Quincy Thomas Stewart
Associate Professor of Sociology
As a social demographer, Quincy Thomas Stewart is interested in the dynamic processes that create inequalities in socioeconomic status, health, and mortality. He has published on quantitative methods for studying inequality and estimating mortality, as well as on racial and ethnic disparities in socioeconomic status, health, and mortality.
Stewart’s current work includes analyzing theories of racial inequality using agent-based models, examining the role of disease prevalence in mortality outcomes, and studying racial disparities in a range of outcomes including attitudes, socioeconomic status, and health. He will be part of IPR’s research programs in Social Disparities and Health and Poverty, Race, and Inequality.
In 2006, Stewart was a Robert Wood Johnson Foundation Scholar in Health Policy Research at the University of Michigan. Before joining Northwestern, he was a faculty member in sociology at Indiana University.
Big Bad Racists, Subtle Prejudice, and Minority Victims: An Agent-Based Model of the Dynamics of Racial Inequality. How many racists does it take to maintain racial inequality? Historical evidence from the Jim Crow era suggests a society needs a large number of racist advocates in various social arenas, but more recent research cites a significant decline in racist beliefs that have not been paralleled by declines in racial inequality. Stewart examines this discrepancy using an agent-based model of a Nash bargaining game, with results revealing that one needs an enormous amount of discrimination to create and maintain racial inequality. However, when nondiscriminating agents (i.e., non-racists) are allowed to use the race of competitors in decision making via social learning, the need for discriminatory agents in maintaining inequality is reduced to nil.
Labeling Death: The Link Between Race, Hypertension Prevalence, and Hypertension-Related Death in the United States. Racial disparities in hypertension embody one mechanism leading to the excess mortality among blacks. Stewart and his colleague examine the link between racial disparities in hypertension prevalence and disparities in diagnosing—or labeling—deaths as hypertension-related. The results show that blacks are two times more likely than whites to have their deaths labeled as hypertension across the adult lifecourse and suggest either statistical discrimination in cause-of-death diagnoses or a gross underdiagnosis of hypertension in life.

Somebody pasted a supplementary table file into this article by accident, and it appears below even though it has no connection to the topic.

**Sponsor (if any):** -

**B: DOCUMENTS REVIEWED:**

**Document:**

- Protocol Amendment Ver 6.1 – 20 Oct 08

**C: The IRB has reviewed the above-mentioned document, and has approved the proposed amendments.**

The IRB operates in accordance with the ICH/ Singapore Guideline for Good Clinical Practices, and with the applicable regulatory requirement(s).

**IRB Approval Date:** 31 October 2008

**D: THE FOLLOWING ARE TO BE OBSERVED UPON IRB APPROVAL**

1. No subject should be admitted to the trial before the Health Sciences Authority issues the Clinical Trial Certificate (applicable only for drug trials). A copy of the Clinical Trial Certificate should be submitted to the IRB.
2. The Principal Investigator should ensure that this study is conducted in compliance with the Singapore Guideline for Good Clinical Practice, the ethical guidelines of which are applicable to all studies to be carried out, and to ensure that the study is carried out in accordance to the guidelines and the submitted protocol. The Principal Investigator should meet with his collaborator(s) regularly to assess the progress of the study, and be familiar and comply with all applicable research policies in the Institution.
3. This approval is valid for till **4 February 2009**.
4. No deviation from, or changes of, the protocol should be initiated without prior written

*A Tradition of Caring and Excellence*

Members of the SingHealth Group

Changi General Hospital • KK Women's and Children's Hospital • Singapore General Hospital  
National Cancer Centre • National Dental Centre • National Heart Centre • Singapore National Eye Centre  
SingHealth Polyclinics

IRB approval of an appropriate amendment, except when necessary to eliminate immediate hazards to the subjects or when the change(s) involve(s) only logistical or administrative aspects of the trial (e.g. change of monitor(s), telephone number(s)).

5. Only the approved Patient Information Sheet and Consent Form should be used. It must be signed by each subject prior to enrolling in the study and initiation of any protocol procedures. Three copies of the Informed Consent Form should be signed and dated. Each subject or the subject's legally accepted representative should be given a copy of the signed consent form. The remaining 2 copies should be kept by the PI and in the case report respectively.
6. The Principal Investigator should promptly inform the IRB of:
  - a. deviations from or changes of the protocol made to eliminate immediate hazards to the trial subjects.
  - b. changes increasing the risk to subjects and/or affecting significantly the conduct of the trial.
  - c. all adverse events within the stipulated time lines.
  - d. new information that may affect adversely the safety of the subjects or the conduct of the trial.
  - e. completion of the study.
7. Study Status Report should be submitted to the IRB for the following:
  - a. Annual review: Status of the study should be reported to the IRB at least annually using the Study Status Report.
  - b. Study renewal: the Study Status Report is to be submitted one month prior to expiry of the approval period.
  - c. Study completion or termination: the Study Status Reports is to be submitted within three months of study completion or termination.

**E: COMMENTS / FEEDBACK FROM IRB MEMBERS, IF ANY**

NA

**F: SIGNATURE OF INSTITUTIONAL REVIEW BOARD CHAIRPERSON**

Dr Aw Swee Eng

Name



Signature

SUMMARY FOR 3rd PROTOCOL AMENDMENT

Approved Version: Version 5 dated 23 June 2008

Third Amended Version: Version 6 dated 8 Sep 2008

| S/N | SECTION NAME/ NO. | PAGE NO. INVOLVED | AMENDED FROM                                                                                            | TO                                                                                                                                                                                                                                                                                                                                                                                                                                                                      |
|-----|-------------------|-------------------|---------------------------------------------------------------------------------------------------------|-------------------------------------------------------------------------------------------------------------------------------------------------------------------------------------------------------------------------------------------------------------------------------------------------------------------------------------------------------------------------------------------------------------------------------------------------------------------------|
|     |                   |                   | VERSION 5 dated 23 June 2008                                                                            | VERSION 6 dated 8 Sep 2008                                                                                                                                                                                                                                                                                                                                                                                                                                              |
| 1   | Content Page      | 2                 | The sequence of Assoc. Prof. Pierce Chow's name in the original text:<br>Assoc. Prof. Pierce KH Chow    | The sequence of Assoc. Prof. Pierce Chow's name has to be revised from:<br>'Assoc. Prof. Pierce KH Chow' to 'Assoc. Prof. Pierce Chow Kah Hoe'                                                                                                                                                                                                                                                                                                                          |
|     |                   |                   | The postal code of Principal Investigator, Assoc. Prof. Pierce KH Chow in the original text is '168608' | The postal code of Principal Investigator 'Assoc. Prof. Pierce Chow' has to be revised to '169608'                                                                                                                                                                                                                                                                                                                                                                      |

Black Death: Persistent Disparities in Changing Times. Racial mortality disparities are significant across much of the lifecourse. Countless studies have aimed to reveal the factors responsible for these disparities and related policy means to alleviate them. Stewart examines the history of racial disparities in age-specific mortality since Jim Crow and analyzes the role of underlying causes in producing these disparities. His results indicate that the age-pattern of mortality disparities is quite robust across time—even when we include fixed effects for year or cohort—and that changes and/or differences in the distribution of underlying causes across time are modestly related to mortality disparities over the 70-year period.
Articles and Book Chapters
Stewart, Q., and T. Zuberi. Forthcoming. Are the poor getting poorer? On race and impoverishment, 1959 to 1989. Critical Demography.
Stewart, Q. 2011. The cause-deleted index: Estimating the role of underlying causes in mortality. Mathematical Population Studies 18(4): 234–57.
Stewart, Q., and A. Sewell. 2011. Quantitative methods for analyzing categorical inequality. In Rethinking Race and Ethnicity in Research Methods, ed. J. Stanfield. Walnut Creek, Calif.: Left Coast Press.
Stewart, Q., and J. Dixon. 2010. Is it race, immigrant status or both? An analysis of wage disparities among men in the United States. International Migration Review 44(1): 173–201.
Stewart, Q. 2009. The shape of inequality: Racial disparities in age-specific mortality. Biodemography and Social Biology 54(2): 152–82.
Stewart, Q. 2008. Swimming upstream: Theory and methodology in race research. In White Logic, White Methods: Racism and Methodology, ed. T. Zuberi and E. Bonilla-Silva. Lanham, Md.: Rowman and Littlefield.
Stewart, Q., and R. Ray. 2007. Hurricane Katrina and the race flood: Interactive lessons for quantitative research on race. Race, Gender & Class 14(1-2): 38–59.
Stewart, Q. 2006. Reinvigorating relative deprivation: A new measure for a classic concept. Social Science Research 35(3): 779–802.